Oriental Medicine Journal Summer/Fire 2010
Summer – a time of expansive growth and effervescence! The yang energy of the season creates a palpable and audible hum of activity. Our ears are filled with the sounds of nature, from the staccato of the woodpecker to the low drone of the bumble bee, as well as the sounds of human activity, such as the growling of air conditioner condensers and the louder-than-usual chugging of train engines in the humid air. My childhood memories of summer will always include the buzzing of single-engine aircraft.
Mars, the planet of energy and action, shows itself in the summer night sky at sunset. Its element is Fire, and it reminds us of enthusiasm, qi, and the spark of life. In Oriental Medicine, the Fire element rules the Heart; and the Heart is the Upper Burner of the Triple Warmer organ system. The Heart is known as the Ruler, responsible for keeping calm in the kingdom. Disturbances of the Heart can have widespread effects throughout the body-mind-spirit, affecting everything from the emotions to the circulation and the very rhythm of life itself.
So it makes sense that, at this Fire time of the year, we should look at vibrational influences in healing. The use of vibration and sound for healing purposes is surprisingly widespread. Cats purr at a frequency that is optimal for healing. Native American and Hawaiian shamans use drums for healing. Singing bowls are used in Tibetan medicine for meditation and healing. I use a Chinese massage needle to create vibrations that help me realign bones. We even find that sustained contraction of skeletal muscles creates low frequency sound (Oster & Jaffe, 1980).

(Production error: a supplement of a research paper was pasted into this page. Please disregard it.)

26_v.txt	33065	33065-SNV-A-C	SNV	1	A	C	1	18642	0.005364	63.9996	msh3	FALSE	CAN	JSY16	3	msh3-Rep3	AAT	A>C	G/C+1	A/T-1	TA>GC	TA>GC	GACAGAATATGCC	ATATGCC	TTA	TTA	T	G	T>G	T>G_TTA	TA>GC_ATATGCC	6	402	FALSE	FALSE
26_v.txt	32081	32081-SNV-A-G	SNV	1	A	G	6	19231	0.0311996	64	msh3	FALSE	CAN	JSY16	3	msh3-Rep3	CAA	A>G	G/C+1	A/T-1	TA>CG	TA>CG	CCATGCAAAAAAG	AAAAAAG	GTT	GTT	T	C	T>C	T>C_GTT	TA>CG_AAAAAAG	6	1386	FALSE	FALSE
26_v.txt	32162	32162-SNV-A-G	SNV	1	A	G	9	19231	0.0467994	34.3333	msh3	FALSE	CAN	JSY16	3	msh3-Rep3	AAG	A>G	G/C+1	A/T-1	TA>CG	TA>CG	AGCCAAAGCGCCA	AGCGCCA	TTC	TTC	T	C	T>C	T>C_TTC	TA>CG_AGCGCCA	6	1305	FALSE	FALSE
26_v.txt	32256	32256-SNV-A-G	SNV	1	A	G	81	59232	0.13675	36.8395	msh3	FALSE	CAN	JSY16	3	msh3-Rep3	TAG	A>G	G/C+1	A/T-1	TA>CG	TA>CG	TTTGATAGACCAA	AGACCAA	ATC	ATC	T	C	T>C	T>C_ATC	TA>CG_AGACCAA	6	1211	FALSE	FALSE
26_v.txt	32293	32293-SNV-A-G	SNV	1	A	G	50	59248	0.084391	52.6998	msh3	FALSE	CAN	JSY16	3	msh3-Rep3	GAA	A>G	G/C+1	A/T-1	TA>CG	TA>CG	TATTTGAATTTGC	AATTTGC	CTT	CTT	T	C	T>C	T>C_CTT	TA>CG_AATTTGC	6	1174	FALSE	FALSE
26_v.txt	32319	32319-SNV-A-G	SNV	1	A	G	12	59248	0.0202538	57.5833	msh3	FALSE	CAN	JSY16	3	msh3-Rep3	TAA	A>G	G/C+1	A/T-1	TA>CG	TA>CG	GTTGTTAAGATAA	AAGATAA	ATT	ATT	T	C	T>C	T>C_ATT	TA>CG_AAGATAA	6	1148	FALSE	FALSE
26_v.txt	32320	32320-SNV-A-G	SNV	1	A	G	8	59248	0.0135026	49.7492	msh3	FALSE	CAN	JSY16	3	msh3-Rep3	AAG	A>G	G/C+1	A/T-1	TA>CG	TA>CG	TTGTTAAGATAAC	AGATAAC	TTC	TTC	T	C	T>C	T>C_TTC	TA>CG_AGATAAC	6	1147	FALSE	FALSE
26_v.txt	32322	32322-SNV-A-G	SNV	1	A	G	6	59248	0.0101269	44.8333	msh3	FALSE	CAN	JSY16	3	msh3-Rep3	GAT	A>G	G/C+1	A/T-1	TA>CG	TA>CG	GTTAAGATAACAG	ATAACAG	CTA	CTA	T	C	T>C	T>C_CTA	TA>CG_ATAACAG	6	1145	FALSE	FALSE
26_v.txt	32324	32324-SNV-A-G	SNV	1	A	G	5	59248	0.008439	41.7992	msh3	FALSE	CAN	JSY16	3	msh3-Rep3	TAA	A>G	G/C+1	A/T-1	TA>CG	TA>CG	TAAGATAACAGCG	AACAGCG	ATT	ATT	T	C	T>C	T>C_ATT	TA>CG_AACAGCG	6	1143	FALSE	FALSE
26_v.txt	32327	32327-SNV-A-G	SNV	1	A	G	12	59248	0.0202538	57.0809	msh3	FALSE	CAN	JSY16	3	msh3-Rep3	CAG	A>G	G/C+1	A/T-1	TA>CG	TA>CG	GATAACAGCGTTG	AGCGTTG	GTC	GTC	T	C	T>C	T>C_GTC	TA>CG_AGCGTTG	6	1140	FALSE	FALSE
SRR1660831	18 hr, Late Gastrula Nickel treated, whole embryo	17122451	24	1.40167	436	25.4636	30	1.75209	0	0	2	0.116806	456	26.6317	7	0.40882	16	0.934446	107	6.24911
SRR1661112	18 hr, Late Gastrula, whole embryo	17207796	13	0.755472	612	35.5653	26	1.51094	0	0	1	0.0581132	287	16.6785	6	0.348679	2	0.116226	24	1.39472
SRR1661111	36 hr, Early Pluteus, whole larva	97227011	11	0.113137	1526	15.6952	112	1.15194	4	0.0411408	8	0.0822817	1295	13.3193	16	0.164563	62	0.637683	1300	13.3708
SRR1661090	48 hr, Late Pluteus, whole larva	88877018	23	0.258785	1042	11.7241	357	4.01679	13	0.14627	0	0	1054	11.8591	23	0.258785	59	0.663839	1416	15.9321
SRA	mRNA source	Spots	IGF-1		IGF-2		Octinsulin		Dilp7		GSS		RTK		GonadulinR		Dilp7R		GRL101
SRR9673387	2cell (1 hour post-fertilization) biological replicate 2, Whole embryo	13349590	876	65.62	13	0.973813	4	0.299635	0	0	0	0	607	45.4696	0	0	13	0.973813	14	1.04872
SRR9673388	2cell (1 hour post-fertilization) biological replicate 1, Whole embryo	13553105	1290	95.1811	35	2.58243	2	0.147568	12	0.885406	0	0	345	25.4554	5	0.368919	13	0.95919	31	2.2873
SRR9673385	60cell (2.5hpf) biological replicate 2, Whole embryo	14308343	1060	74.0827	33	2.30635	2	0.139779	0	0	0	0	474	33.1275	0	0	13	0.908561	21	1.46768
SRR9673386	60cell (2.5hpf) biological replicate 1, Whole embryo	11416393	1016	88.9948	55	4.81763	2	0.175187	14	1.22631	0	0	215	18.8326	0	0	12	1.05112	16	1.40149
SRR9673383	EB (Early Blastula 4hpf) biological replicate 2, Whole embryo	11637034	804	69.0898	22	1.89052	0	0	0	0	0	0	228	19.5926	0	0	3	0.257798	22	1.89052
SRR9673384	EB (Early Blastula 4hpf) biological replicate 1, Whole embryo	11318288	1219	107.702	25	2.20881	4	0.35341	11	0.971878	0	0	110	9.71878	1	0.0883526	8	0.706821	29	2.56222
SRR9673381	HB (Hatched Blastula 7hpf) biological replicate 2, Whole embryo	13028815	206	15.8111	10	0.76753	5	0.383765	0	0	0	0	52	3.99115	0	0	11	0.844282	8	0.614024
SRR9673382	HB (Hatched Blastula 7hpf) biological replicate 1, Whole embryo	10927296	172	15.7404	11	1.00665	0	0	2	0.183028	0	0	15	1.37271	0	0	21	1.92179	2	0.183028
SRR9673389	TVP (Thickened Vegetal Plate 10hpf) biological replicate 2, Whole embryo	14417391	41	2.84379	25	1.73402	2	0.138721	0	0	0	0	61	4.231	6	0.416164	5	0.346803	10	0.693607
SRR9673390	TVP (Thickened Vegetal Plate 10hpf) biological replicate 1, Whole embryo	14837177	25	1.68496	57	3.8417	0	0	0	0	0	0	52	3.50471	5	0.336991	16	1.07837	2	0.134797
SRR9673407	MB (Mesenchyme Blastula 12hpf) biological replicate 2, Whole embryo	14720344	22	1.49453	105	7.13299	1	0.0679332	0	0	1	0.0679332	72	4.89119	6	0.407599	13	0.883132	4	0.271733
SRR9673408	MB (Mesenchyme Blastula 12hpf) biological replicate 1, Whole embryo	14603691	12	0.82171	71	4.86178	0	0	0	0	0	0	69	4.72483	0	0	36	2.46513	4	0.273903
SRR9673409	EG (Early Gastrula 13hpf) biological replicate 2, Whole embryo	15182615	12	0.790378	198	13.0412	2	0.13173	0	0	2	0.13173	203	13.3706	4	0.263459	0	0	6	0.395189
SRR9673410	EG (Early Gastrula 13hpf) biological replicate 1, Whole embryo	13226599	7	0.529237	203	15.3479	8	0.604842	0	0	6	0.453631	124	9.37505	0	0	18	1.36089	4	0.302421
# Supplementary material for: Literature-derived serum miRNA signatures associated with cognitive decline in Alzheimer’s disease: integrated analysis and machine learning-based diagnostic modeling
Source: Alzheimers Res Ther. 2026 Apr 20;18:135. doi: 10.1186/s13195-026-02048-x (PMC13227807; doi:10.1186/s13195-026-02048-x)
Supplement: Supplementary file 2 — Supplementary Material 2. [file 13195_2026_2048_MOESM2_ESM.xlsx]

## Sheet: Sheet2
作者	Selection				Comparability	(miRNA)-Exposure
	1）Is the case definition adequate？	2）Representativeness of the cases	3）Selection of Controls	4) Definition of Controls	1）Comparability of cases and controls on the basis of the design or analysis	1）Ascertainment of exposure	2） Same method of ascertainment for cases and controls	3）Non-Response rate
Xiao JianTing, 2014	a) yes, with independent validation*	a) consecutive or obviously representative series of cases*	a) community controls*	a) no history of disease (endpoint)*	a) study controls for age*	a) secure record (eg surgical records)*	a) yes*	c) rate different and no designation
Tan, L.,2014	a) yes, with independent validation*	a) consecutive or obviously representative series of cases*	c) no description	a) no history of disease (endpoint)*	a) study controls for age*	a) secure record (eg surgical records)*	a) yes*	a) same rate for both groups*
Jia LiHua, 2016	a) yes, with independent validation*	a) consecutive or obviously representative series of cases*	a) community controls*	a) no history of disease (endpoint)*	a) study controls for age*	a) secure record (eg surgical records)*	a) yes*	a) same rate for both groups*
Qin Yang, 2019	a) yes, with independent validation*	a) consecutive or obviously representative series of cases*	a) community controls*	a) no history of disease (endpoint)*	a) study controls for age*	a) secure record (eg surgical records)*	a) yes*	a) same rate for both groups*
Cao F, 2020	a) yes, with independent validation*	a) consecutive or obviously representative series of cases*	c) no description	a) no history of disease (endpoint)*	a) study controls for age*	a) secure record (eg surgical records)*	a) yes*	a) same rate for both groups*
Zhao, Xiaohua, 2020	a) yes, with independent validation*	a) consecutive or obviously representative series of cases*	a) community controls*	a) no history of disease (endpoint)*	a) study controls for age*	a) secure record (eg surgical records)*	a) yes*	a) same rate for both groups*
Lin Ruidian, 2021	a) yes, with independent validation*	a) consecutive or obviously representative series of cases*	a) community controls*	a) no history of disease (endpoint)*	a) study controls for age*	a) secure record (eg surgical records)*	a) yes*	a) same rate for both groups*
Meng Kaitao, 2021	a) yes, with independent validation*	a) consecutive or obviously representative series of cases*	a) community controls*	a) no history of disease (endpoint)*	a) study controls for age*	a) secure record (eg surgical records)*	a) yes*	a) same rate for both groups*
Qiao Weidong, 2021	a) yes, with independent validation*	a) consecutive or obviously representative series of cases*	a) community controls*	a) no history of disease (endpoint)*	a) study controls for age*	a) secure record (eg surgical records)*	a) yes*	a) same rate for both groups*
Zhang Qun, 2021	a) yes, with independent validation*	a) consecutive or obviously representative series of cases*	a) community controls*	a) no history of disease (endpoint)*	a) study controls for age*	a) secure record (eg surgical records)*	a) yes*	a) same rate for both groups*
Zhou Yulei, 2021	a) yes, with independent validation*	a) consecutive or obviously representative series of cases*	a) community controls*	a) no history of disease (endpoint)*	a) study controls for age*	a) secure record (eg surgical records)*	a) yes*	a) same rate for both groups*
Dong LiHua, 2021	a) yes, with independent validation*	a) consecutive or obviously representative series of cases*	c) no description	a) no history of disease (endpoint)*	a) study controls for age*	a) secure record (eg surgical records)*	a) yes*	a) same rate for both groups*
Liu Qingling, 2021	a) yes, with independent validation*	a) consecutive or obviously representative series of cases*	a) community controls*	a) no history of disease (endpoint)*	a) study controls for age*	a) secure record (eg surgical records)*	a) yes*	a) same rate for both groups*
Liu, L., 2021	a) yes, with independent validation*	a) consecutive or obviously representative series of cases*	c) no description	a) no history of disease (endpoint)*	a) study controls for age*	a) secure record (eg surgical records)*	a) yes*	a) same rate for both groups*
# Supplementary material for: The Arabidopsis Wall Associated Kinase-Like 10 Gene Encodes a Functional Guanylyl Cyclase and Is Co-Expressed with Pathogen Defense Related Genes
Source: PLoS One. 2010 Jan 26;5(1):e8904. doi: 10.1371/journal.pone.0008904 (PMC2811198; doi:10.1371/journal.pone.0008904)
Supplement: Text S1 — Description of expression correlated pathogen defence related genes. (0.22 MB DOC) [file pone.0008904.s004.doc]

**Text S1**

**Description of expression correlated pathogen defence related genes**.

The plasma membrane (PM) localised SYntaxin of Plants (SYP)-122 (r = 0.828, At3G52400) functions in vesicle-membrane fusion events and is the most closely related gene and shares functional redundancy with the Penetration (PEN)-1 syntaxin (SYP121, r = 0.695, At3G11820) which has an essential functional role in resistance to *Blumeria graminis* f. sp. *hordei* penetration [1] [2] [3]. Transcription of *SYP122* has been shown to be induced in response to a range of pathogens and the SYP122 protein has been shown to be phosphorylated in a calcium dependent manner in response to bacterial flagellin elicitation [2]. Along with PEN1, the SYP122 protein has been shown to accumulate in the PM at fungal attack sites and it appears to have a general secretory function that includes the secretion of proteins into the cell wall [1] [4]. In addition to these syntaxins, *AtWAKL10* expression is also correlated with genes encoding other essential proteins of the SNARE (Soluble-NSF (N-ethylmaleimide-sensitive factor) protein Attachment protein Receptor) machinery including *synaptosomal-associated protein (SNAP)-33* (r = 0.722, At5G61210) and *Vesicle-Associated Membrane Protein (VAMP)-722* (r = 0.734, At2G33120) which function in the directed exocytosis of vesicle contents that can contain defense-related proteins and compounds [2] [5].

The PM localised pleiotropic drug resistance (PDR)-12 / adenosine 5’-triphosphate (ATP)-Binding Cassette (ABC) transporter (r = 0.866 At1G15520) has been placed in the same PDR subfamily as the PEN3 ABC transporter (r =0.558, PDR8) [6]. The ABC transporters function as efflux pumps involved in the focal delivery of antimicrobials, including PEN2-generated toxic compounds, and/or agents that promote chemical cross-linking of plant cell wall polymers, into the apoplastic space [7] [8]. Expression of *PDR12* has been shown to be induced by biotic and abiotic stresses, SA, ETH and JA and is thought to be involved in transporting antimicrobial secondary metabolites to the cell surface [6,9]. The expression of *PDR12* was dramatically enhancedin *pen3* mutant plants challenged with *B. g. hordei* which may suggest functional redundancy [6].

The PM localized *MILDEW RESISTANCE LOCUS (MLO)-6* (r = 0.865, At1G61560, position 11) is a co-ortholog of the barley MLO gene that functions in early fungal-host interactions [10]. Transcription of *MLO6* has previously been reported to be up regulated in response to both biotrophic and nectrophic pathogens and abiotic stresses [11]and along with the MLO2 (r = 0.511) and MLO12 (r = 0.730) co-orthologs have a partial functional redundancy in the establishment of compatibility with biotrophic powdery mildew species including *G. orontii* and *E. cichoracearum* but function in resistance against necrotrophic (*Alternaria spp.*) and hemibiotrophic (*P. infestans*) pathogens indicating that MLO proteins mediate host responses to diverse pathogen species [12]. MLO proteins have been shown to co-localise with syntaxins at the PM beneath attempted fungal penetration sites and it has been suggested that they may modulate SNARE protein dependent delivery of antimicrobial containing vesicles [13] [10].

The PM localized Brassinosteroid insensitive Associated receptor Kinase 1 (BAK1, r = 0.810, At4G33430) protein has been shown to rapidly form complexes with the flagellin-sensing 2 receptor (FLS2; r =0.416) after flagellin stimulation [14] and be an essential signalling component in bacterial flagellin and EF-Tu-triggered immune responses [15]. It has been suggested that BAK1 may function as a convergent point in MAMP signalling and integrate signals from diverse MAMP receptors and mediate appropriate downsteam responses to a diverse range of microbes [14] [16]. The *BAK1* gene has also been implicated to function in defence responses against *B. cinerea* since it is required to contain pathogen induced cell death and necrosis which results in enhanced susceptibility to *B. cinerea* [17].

Our first article in this issue is a fascinating exploration of the San Jiao (or Triple Warmer, Triple Burner, Triple Heater), an organ unique to Oriental Medicine, by Richard “Kyo” Mitchell, a faculty member at Bastyr University. Mitchell discusses current Western science research that appears to validate the Chinese notion that the Triple Warmer is a single organ. This is an exciting example of how Oriental Medicine and Western Medicine can benefit from each other’s concepts, methods, and research.
Past issues of Oriental Medicine Journal have explored the use of tuning forks on acupuncture points as a healing modality of Oriental Medicine. In the current issue, we delve deeper into this use of vibration to promote healing. Donna Carey, Ellen Franklin, and their colleagues at the Kairos Institute of Sound Healing, share with the readers of OMJ a preview from their second book, Acutonics From Cells to Galaxies, Planetary Science, Harmony, and Medicine.
Their chapter on Mars and its unique energy is reprinted here. Though it is beyond the scope of this issue to explain the Acutonics method of treating with tuning forks, practitioners will acquire a flavor for the character of Mars energy and how to recognize it in their patients. The chapter begins with a thorough discussion of Mars as an astronomical entity and as a source of myth. Practitioners already familiar with Acutonics will find examples at the end of the chapter, illustrating how to use Mars energy in treatments. Practitioners not familiar with Acutonics will find a brief overview beginning on p. 10, immediately preceding the chapter. Additional articles on Acutonics can be found in back issues of OMJ, which are available for purchase on the OMJ website. References for these articles are listed below.
Carey, D., & MichelAngelo. Sedna: The Mysteries,Miracles and Infinite Capacity of Water. Oriental Medicine Journal, 2006, 14(2),Water/Winter, 6-17.
Franklin, E., & Carey, D. Earth: Myths, Archetypes, and Healing Correspondences in the Acutonics® Healing System. Oriental Medicine Journal, 2008, 16(5), Earth/Late Summer, 5-19.
Oster, G., & Jaffe, J.S. Low Frequency Sounds from Sustained Contraction of Human Skeletal Muscle. Biophysical Journal, 1980, 30, 119-128.
Storey, C.B. Oriental Medicine, Harmonic Vibration and Planetary Responsibility. Oriental Medicine Journal, 2004, 12(5), Earth/Late Summer, 5-13.
Wadden, S. Acutonics®: A Harmonic Approach to Oriental Medicine. Oriental Medicine Journal, 2003, 11(3), Fire/Summer, 5-9